retail news in context, analysis with attitude

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Hi, Kevin Coupe here, and this is FaceTime with the Content Guy.

So it was just a couple of weeks ago that I parked my car and went into a restaurant to meet Mrs. Content Guy ... we have a standard Friday night date where we go there, have a couple of glasses of wine and share an amazing seafood pizza.

But while I was inside, a guy in a brand new Range Rover came along and tried to parallel park right in front of me ... and his car smacked the crap out of my front end. (That's the way witnesses described it ... I didn't actually see it. And they used a different word than "crap.")

Now, it ends up that the accident did well over a thousand bucks worth of damage ... but to me, the educational part came in the discussion with the Range Rover guy.

You see, the reason he backed into my car - despite the fact that he had one of those cameras that are supposed to prevent that from happening - is that he also had one of those systems that parks the car for him. The way he described it to me, he just hit the button and took his hands off the wheel.

And boom.

Now, if this happened the way he described it, it's possible that Range Rover should be paying for my damage rather than his insurance company. But that's his issue.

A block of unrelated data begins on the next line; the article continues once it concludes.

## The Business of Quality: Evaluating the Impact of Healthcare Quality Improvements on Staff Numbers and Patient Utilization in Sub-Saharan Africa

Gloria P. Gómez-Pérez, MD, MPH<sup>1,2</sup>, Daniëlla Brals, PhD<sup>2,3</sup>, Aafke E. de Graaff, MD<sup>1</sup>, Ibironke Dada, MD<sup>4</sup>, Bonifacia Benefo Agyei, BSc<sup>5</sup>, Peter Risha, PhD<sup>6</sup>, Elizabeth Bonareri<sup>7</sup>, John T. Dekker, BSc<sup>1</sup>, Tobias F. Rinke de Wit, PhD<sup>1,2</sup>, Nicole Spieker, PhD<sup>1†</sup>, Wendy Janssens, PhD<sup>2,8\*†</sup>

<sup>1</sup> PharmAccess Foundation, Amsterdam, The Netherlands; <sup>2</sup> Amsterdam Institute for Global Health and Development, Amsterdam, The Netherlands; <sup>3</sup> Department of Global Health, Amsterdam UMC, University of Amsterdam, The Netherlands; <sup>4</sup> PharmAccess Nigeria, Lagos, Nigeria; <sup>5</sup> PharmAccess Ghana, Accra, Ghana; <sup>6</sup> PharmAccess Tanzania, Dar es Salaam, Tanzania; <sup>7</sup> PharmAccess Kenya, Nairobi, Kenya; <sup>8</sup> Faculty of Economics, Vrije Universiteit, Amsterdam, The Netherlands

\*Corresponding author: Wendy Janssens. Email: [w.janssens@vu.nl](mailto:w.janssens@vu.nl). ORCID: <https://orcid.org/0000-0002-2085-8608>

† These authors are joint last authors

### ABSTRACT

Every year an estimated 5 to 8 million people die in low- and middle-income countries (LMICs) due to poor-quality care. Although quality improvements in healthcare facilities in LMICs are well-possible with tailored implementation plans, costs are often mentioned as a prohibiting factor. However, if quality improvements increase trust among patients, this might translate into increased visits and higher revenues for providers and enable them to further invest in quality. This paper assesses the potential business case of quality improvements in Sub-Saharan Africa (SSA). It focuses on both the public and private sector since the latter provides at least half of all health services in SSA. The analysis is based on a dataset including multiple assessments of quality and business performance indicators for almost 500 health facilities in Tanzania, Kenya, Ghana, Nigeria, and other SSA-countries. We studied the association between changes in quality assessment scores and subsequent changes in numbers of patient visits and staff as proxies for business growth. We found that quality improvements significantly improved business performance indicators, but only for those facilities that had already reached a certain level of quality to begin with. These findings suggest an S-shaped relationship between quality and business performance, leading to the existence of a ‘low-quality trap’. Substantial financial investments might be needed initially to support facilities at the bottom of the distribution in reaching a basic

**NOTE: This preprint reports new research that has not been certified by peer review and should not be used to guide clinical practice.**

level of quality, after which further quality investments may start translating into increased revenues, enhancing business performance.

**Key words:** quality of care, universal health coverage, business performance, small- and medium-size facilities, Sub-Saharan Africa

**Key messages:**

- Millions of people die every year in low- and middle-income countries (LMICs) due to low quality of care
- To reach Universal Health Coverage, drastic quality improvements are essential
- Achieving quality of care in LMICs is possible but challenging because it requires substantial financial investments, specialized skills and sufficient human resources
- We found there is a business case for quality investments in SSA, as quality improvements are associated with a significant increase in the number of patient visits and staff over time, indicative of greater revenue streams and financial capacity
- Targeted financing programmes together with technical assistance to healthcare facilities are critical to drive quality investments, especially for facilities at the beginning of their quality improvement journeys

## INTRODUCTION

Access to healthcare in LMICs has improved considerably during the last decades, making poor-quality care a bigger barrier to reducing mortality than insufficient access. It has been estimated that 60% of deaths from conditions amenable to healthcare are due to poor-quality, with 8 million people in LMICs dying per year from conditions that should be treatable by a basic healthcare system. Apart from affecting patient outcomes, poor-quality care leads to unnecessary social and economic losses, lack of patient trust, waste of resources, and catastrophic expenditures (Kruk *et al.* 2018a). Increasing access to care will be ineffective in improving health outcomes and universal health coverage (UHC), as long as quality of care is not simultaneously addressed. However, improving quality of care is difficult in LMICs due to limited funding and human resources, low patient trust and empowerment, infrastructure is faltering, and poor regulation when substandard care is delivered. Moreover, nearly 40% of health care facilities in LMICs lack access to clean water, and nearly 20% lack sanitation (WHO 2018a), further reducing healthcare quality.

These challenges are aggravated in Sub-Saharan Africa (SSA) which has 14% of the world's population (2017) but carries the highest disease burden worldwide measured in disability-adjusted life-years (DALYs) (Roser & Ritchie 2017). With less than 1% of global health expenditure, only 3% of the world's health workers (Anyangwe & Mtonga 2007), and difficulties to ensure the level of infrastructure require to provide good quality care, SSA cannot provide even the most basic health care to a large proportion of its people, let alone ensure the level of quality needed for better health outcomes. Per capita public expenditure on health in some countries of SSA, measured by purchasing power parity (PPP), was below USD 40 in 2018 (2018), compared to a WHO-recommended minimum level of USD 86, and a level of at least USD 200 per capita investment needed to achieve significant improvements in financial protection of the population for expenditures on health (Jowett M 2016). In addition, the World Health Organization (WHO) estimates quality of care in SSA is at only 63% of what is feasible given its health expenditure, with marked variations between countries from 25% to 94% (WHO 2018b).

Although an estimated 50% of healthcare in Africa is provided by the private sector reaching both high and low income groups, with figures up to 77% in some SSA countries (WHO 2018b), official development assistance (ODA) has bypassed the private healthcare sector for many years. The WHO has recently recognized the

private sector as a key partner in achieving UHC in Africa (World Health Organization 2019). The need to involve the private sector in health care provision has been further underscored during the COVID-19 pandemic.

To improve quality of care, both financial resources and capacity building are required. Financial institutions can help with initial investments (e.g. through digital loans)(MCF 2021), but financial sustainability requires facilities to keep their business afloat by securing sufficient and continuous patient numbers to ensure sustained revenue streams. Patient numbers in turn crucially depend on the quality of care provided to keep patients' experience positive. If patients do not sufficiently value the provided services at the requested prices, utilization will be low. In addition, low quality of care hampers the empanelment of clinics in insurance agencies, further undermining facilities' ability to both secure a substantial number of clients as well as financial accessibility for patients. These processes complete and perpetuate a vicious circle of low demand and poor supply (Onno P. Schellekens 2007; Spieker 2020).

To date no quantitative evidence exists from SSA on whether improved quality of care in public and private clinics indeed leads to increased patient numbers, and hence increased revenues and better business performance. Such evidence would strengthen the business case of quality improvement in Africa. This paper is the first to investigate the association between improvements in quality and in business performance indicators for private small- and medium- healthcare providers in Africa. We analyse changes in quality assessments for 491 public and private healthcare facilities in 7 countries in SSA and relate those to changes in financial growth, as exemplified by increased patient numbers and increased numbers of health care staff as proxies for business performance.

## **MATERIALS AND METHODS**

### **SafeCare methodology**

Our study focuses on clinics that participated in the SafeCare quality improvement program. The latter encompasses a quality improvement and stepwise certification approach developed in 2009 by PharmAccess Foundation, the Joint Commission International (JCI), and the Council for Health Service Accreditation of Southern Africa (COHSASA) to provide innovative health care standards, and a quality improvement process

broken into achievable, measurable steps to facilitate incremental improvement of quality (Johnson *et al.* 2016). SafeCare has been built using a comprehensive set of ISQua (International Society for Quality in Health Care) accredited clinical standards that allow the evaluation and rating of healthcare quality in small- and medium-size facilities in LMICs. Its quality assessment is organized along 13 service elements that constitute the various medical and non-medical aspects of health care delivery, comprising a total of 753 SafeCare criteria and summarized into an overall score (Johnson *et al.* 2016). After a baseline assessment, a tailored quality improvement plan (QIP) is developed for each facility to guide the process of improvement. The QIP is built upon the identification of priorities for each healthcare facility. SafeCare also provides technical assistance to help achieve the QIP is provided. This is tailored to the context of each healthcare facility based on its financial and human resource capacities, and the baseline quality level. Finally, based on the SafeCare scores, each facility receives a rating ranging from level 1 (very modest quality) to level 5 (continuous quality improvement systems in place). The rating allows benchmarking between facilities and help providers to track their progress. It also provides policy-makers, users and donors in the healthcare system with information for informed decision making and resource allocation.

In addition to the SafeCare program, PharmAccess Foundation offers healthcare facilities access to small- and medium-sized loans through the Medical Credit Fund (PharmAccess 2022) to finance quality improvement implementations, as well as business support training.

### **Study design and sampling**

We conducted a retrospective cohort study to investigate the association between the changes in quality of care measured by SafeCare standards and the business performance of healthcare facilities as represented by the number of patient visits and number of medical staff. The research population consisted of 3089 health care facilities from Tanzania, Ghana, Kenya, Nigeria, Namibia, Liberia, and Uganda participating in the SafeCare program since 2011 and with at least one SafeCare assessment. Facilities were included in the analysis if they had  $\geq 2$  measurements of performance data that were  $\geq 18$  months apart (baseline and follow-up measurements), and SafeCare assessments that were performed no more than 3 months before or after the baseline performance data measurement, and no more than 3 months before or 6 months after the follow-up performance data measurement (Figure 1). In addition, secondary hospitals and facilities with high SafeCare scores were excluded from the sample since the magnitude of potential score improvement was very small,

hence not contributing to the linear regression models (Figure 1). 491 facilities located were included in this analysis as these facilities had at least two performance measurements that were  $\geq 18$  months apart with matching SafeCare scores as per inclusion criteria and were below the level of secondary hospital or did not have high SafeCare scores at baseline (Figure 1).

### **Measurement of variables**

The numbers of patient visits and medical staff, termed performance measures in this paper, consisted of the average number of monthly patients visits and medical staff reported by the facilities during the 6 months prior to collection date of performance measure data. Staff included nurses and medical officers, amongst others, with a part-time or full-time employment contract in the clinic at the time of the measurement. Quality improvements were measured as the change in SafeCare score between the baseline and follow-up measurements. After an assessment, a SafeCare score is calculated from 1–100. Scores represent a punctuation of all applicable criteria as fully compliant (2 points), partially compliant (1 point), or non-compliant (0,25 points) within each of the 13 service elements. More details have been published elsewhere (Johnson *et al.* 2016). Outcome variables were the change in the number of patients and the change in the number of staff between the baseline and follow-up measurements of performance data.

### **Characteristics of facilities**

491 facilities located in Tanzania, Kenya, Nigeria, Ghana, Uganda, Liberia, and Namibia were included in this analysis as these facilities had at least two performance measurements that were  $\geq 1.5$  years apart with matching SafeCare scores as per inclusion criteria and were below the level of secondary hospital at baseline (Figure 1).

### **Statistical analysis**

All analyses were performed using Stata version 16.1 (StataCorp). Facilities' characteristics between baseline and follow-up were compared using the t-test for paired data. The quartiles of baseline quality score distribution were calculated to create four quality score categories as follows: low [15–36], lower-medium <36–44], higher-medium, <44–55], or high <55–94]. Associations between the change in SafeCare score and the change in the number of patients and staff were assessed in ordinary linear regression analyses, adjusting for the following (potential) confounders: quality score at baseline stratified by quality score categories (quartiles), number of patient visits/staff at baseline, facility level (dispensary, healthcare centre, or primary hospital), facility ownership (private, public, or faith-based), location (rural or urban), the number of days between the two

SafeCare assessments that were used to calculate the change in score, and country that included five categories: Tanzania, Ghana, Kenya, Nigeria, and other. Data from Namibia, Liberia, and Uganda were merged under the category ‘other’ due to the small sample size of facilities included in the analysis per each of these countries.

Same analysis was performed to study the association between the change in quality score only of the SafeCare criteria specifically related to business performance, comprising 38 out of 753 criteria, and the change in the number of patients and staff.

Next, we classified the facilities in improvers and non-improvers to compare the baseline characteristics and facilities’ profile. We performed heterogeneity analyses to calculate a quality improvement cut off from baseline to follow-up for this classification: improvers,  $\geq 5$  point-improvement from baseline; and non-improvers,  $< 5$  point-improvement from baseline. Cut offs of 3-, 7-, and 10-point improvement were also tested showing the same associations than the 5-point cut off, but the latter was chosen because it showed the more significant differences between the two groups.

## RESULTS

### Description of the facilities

To me, while I hate the idea that he smacked the crap out of my Mustang, it also provides a good business metaphor. Because I can find a business lesson pretty much anywhere.

Y'see, one of the things that has happened in business is that most companies live by algorithms, statistics, charts, spreadsheets and graphs.

But I think it is important that companies retain a personal feel for how to do things ... an understanding of customers that can't come just from statistical analyses. High tech is important, but so is high touch. The right tools are critical, but so is instinct.

And, I think that's even more important for companies that are endeavoring to compete with algorithm-driven retailers like Amazon. If you can't beat 'em, in this case, you need to come at the challenge of enticing customers from a completely different direction.

The short message? There are a lot of great tools out there. But I'm not sure it ever makes sense to take your hands off the wheel. Even if the tools exist that allow you to outsource various functions, it's important to know how to drive and how to park.

That's what is on my mind this Thursday morning. As always, I want to hear what is on your mind.

KC's View: